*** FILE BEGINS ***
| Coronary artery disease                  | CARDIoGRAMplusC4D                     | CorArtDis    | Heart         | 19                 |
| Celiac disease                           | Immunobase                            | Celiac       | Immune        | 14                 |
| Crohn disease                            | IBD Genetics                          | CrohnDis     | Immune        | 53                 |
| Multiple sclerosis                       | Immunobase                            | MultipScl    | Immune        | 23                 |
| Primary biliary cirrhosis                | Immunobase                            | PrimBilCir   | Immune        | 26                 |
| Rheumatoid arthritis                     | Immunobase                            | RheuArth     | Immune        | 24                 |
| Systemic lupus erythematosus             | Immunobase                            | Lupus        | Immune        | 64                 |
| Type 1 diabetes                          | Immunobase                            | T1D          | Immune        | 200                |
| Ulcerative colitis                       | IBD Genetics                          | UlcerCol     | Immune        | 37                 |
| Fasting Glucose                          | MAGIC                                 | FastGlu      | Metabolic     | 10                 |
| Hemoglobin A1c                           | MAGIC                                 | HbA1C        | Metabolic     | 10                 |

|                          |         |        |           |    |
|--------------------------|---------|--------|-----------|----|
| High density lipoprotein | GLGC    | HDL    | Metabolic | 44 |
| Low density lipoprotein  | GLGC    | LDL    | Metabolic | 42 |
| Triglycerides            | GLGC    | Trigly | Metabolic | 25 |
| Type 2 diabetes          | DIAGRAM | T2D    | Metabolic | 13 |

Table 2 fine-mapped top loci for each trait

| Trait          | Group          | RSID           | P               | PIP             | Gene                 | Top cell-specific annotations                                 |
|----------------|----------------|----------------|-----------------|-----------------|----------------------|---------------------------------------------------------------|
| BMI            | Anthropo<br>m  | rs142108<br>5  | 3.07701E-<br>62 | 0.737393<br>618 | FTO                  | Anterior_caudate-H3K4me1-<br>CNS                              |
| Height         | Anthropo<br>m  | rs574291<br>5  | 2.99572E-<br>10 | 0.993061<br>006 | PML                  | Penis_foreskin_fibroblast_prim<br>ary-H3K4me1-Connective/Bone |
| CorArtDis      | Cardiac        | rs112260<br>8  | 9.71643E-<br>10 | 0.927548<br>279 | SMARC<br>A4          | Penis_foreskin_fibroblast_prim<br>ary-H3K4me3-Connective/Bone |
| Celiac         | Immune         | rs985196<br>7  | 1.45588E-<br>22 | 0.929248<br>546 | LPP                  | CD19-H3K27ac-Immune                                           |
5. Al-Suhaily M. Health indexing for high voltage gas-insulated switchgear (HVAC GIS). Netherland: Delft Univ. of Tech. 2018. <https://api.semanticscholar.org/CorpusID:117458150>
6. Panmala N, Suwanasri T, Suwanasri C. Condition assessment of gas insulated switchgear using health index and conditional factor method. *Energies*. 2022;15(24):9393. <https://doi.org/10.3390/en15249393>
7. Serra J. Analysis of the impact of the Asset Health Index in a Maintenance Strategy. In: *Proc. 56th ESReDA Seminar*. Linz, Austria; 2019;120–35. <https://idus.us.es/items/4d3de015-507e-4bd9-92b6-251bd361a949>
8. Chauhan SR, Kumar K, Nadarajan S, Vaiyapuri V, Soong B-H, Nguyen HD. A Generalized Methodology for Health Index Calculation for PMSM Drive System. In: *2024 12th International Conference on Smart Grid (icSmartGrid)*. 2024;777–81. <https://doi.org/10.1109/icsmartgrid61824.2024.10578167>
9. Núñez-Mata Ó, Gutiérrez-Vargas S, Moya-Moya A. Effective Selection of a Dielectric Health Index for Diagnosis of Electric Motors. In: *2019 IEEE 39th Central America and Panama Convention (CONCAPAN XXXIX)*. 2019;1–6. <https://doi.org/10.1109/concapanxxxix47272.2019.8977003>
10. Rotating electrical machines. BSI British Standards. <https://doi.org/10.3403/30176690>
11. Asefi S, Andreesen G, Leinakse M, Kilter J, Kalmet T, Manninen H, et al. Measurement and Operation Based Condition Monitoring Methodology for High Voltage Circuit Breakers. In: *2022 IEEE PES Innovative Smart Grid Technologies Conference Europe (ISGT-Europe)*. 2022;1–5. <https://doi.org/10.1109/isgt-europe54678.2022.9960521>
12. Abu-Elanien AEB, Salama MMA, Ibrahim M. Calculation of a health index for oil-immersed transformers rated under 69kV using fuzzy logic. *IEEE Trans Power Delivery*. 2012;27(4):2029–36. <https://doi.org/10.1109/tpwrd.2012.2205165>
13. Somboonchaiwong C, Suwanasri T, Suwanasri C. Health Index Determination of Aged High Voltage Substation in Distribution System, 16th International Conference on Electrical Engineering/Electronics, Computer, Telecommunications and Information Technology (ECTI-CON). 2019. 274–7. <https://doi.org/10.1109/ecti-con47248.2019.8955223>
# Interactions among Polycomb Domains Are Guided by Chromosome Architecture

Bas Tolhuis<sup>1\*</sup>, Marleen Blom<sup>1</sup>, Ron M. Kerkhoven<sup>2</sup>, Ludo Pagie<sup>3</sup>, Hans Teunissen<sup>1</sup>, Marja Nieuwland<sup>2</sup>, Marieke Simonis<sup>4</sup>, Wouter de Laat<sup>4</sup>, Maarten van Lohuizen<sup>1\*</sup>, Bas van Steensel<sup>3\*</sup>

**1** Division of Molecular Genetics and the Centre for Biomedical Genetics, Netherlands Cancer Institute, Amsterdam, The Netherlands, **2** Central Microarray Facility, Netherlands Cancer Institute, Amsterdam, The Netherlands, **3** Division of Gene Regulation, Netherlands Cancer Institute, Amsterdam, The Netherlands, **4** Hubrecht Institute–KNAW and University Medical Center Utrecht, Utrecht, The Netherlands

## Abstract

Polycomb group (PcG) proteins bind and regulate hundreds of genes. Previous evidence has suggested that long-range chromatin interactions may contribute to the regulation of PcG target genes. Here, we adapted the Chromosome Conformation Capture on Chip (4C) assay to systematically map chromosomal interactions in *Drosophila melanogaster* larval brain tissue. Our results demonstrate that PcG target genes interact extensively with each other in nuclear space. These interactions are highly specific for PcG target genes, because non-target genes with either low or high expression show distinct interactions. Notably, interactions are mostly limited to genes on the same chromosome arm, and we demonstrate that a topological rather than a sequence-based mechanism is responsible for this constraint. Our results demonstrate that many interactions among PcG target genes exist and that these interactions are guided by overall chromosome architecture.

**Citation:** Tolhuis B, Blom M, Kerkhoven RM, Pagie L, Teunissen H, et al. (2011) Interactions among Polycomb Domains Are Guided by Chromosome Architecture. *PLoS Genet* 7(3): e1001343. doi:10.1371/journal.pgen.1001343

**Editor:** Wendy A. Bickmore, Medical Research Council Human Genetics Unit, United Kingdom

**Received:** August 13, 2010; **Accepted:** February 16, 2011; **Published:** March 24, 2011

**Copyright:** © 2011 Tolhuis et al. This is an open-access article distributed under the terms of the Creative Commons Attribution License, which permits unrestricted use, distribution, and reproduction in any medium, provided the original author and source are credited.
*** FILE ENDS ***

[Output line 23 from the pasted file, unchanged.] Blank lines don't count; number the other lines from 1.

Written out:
| CorArtDis      | Cardiac        | rs112260<br>8  | 9.71643E-<br>10 | 0.927548<br>279 | SMARC<br>A4          | Penis_foreskin_fibroblast_prim<br>ary-H3K4me3-Connective/Bone |